Friday Fiction - "Seeing With the Heart"



This is a Faithwriters Challenge entry that I wrote last quarter. It was fun to think of how a blind person would describe colors. For more great stories, bounce over to Sara Harricharan's Fiction Fusion today.



"Seeing With the Heart"



Reporter:
Winifred, it’s a privilege to talk with you today. Could you give our readers an insight into how it feels to be blind from birth? How have you coped with your handicap?

Winifred:
I don’t think of it as a handicap. Everyone has a weakness. Mine just happens to be my sight. I have other strengths that I couldn’t have lived eighty-six years without.

Reporter:
What kind of strengths?

Winifred:
Oh, I can hear and identify many smells and sounds that most seeing people don’t notice- such as: I smell sour milk on you, so I assume you probably have a young child.

Reporter:
(laughs) You’re right! My son spit up on me just before I left the house. I thought I washed it all off my shoulder. What else do you sense?

Winifred:
You are wearing heels—not appropriate shoes for a clear day like today.

Reporter:
Right again! Although, it’s rather cloudy today, not clear.

Winifred:
I meant it was clear like ice or cold glass.

Reporter:
Oh! I never thought of it like that! You can’t see the sky or colors, so do you describe things by how they feel?

Winifred:
People tell me that things are red or blue or green, so colors have meaning to me. Green is like a needle, and red is like maple syrup.

Reporter:
Wait a minute! Maple syrup isn’t red.

Winifred:
It is to me. I associate something sweet with apples or cherries, with peppermint sticks...or maple syrup.

Reporter:
Oh! Okay, I understand. So, why is a needle green?

Winifred:
It pricks me like roses and Christmas trees.

Reporter:
Interesting! What does blue mean to you?

Winifred:
Blue is warm, and the sun is black.

Reporter:
(shaking head) You’ve lost me there. Why is the sun black and blue?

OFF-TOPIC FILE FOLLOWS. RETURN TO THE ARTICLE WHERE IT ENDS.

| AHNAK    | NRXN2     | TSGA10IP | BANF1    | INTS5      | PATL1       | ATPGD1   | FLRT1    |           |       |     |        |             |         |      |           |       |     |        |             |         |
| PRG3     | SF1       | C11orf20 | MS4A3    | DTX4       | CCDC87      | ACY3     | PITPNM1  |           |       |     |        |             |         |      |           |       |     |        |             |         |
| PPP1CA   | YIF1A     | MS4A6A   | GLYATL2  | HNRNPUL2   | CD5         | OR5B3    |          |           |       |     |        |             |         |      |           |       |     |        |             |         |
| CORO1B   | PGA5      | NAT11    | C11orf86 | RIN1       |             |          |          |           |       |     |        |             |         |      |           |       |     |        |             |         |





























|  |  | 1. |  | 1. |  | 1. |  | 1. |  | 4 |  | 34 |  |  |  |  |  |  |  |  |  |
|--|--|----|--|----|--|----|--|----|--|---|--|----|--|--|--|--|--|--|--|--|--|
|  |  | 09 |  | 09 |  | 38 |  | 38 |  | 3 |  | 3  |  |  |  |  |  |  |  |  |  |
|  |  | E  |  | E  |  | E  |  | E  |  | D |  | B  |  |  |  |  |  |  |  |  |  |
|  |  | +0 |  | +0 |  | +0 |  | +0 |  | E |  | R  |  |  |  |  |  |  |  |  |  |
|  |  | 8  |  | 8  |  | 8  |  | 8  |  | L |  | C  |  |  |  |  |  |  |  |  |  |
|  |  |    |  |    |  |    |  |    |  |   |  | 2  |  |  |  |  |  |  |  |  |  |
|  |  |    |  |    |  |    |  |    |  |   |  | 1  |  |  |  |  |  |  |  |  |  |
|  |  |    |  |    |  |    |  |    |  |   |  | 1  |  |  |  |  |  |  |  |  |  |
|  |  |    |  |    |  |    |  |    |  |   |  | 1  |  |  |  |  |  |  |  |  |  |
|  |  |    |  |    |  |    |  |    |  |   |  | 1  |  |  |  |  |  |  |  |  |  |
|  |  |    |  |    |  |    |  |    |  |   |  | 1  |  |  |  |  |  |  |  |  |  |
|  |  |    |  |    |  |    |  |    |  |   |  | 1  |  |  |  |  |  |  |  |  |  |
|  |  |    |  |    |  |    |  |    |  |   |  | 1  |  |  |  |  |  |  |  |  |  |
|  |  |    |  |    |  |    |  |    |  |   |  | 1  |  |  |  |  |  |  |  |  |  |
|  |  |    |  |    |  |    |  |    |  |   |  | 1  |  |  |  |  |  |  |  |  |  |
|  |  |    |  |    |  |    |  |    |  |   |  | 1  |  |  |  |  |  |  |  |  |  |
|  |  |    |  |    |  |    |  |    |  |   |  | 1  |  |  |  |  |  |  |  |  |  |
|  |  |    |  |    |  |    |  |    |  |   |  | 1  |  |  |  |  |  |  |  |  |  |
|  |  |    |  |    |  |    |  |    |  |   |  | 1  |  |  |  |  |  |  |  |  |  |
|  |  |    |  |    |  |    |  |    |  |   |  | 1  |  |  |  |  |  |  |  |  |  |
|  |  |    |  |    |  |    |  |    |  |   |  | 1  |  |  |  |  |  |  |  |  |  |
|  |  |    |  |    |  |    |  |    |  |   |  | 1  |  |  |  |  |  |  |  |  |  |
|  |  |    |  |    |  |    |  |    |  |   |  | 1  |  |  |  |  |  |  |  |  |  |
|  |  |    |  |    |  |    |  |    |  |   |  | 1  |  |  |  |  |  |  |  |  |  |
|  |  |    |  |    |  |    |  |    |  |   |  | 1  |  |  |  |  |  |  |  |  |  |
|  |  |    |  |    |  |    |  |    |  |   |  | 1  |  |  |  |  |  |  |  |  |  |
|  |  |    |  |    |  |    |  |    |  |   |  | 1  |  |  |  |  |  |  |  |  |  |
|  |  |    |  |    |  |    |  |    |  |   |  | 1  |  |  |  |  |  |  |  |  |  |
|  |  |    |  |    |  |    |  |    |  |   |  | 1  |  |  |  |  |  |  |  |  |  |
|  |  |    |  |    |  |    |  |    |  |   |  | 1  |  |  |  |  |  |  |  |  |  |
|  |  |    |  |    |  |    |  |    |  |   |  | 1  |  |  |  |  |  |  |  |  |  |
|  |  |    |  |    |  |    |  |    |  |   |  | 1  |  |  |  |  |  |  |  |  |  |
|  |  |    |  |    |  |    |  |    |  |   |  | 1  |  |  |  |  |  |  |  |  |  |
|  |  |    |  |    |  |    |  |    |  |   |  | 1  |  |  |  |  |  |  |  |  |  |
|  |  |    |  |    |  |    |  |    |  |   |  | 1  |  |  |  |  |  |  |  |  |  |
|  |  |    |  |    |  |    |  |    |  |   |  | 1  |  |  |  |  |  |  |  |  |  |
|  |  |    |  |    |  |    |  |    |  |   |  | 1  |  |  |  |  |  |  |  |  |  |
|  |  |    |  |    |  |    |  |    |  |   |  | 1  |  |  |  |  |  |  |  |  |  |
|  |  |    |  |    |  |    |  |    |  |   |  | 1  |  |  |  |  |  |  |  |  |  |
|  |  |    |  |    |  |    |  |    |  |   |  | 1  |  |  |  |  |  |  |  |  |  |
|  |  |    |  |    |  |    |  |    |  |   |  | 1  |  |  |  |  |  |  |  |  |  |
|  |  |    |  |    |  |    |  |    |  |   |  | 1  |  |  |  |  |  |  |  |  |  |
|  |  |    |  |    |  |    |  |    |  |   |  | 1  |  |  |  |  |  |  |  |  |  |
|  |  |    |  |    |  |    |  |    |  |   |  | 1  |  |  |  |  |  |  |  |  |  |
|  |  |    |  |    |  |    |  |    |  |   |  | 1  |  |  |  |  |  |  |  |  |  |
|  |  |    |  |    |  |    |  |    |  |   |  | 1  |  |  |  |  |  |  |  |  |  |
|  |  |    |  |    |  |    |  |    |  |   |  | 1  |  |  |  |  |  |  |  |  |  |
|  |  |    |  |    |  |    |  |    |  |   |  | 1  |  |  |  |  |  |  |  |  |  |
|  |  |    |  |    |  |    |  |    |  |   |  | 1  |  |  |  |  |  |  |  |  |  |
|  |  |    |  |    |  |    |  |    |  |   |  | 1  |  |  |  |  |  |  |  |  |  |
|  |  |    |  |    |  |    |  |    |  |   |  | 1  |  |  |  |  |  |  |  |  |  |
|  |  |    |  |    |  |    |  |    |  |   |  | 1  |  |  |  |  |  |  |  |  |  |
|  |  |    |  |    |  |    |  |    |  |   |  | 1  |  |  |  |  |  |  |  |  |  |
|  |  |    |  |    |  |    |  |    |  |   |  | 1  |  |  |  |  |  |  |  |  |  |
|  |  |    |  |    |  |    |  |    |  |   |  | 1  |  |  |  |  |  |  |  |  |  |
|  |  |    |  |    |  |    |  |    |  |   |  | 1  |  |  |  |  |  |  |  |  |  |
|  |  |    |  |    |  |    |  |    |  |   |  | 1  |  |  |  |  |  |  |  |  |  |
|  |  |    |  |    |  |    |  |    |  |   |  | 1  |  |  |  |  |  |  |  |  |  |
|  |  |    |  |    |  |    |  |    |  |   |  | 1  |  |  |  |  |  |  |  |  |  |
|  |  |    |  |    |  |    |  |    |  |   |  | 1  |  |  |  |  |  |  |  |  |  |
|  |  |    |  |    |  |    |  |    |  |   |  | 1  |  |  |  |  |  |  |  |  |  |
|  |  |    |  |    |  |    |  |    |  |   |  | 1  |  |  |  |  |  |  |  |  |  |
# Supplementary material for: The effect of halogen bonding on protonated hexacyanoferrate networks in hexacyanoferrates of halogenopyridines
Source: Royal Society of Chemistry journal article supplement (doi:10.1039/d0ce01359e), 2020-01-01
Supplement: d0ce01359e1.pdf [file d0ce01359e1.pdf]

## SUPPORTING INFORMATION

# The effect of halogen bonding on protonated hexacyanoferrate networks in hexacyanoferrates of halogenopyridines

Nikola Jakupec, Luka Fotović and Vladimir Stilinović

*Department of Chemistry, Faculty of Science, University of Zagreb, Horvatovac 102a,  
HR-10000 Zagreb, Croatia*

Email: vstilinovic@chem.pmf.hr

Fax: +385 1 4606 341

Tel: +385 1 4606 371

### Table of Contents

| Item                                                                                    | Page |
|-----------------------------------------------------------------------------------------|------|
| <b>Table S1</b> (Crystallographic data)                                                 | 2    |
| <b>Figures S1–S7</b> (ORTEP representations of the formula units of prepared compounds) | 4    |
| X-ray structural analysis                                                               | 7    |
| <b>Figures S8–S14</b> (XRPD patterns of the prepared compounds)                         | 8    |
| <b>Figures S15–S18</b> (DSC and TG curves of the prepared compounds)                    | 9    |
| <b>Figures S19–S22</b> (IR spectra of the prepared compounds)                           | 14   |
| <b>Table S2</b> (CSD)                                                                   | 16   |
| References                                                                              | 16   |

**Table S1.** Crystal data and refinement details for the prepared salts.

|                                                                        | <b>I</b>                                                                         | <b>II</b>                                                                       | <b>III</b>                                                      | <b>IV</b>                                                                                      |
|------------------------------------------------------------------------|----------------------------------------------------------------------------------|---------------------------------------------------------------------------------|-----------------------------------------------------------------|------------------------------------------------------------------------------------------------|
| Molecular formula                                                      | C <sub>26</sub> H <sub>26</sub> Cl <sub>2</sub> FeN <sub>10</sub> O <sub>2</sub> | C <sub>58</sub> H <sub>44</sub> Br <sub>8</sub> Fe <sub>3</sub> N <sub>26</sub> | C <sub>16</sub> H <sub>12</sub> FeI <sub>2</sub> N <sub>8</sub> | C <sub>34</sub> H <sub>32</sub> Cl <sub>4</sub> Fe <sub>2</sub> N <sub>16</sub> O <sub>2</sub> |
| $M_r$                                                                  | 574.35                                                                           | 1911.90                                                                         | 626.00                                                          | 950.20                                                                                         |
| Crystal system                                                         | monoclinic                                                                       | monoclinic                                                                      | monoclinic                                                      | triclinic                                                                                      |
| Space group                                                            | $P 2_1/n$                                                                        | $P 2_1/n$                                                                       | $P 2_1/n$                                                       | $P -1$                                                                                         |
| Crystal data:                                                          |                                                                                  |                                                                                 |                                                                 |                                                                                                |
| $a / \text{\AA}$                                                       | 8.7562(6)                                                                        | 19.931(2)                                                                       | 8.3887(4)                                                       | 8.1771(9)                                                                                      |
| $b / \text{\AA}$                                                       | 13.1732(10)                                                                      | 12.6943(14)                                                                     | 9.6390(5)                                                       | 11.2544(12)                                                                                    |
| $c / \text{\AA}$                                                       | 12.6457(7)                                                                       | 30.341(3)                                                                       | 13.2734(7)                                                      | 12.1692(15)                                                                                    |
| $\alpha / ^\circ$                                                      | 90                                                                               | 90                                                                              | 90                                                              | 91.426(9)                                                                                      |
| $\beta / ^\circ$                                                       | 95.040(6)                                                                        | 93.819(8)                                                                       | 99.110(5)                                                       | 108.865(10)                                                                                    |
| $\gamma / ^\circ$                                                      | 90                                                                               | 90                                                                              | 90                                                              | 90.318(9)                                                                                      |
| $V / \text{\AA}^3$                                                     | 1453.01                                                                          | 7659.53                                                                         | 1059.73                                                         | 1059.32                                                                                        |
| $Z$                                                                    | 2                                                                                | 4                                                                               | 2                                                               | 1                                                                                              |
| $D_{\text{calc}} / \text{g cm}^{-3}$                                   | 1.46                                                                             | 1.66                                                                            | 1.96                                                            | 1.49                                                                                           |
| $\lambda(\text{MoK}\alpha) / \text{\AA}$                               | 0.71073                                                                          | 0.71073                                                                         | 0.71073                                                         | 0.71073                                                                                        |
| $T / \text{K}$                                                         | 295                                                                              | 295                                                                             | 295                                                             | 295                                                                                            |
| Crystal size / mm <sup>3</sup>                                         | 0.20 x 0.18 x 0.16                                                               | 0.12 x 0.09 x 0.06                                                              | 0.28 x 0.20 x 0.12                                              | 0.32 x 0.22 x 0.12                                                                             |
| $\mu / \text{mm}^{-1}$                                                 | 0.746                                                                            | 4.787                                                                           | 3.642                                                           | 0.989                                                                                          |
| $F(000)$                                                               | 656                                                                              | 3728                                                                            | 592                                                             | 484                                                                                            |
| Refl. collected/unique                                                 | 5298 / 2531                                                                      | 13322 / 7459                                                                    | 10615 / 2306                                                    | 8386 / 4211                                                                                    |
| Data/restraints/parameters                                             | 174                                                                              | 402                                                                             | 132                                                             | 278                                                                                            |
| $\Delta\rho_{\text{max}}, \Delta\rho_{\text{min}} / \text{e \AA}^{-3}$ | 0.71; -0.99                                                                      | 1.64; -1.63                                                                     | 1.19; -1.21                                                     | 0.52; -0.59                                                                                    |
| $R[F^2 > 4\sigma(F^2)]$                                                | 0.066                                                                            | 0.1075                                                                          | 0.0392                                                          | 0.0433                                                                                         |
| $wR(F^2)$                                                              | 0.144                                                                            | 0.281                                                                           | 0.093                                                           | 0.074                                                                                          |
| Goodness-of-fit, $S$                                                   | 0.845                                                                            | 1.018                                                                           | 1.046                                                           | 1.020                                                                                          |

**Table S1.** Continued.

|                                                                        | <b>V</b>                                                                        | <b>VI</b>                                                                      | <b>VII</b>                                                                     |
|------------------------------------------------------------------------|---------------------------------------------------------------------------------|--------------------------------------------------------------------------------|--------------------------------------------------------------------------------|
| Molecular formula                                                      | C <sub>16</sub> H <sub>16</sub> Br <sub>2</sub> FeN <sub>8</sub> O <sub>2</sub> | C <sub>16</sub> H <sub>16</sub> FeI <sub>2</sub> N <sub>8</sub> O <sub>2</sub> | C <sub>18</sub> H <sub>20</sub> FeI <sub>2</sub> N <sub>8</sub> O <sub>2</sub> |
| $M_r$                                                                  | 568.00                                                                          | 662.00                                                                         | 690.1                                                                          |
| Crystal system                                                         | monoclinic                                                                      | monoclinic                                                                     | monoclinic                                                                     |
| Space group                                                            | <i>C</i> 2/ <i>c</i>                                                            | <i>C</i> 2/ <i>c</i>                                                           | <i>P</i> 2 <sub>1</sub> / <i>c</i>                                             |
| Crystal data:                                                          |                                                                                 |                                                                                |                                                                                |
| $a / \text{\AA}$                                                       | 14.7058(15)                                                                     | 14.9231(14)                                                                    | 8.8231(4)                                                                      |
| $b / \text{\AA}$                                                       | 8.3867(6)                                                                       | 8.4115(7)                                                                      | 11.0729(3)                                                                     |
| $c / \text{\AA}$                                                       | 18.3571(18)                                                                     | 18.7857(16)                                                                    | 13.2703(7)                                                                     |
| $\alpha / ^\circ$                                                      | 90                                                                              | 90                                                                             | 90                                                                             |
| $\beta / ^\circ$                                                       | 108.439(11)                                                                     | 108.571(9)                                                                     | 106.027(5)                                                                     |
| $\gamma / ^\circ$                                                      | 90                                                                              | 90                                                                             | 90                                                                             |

Winifred:
(smiles) No, a summer day is blue, and the sun is black. When people say the sky is blue, my skin is warm, but the sun must be very hot to make everything warm. So, it is black like the stove and burning coals.

Reporter:
That makes sense! What about white?

Winifred:
White is one of my favorite colors. It is soft like my kitten and sheep’s wool and snow and moss. (touching reporter’s sleeve) Your coat is white.

Reporter:
(laughs) Actually, it’s black, but I never thought of how many white things are soft and fluffy.

Winifred:
Does your coat make you hot?

Reporter:
It’s making me hot in this room.

Winifred:
Then it IS black!

Reporter:
Tell me about other colors.

Winifred:
(leaning back her head to think) Yellow is sour like pickles and lemons and grapes.

Reporter:
Yes, that one I can easily understand. What about purple?

Winifred:
Purple? Purple is wet. When I brush my cheeks against purple lilacs, I get all wet. Walking barefoot in the grass gets my toes all purple. My kitty’s fur turns purple when she’s been outside on a snowy day.

Reporter:
Here’s a hard one—pink!

Winifred:
(giggle) Pink is gooey, like gum and taffy and pine tree sap and melting wax.

Reporter:
I love it!

Winifred:
Emotions have colors, too. Anger is orange like a fire, but sometimes it is green when its words sting. Stubbornness is silver like a cold, hard metal. Happiness is purple-y refreshing, but joy is fuzzy white.

Reporter:
You are a wise woman, Winifred. What color is love?

Winifred:
(smiles) Love is beautiful. Love is brown.

Reporter:
Brown? Not red or pink?

Winifred:
Why should it be red or pink? Those are nice, but brown is the color of love—of fresh bread or warm milk, of packages in the mail or swept floors or a ticking clock, of my father’s arms and hugs and kisses. Brown is the color of home.

Reporter:
Thank you, Winifred. It’s been a wonderful experience seeing the world of color through your eyes.
~ ~ ~
“The best and most beautiful things in the world cannot be seen or even touched. They must be felt within the heart.” Helen Keller


9 comments:

Anonymous said...

This is a beautifully crafted story! Thanks Vonnie.
Sunny

Sherri Ward said...

Unique and well done! I didn't really understand my sons' color blindness until one of them told me my coffee with cream was 'green'. ooo yuk.

Sara Harricharan @ Fiction Fusion said...

Ahh, I like Winifred! I especially like the way she ran through all the different colors. Nicely done, Vonnie! ^_^

Lynda S. said...

Oh yes, I remember this one. Well done.

Catrina Bradley... said...

I never would have thought of some of those color connections, but they all make perfect sense. A great imagination and insightful senses were at work here.

BethL said...

Vonnie, this is one of my favorites! I love your creative use of color in this!

Diana said...

Jumping back over from Lynette's "Getting to Know You" so I can read more of what you've written today!

Isn't it amazing how each person, no matter what their "strengths" or "weaknesses," interprets the world around them compared to another individual. None of us is the same as another, yet we're all in this world together, living the same things. Interesting.

Great stuff, Vonnie!

Yvonne said...

Thanks for all the encouraging comments!

Diane, thanks for coming back.

Sara x said...

This is wonderful, a lovely way to experience colours rather than just see them.

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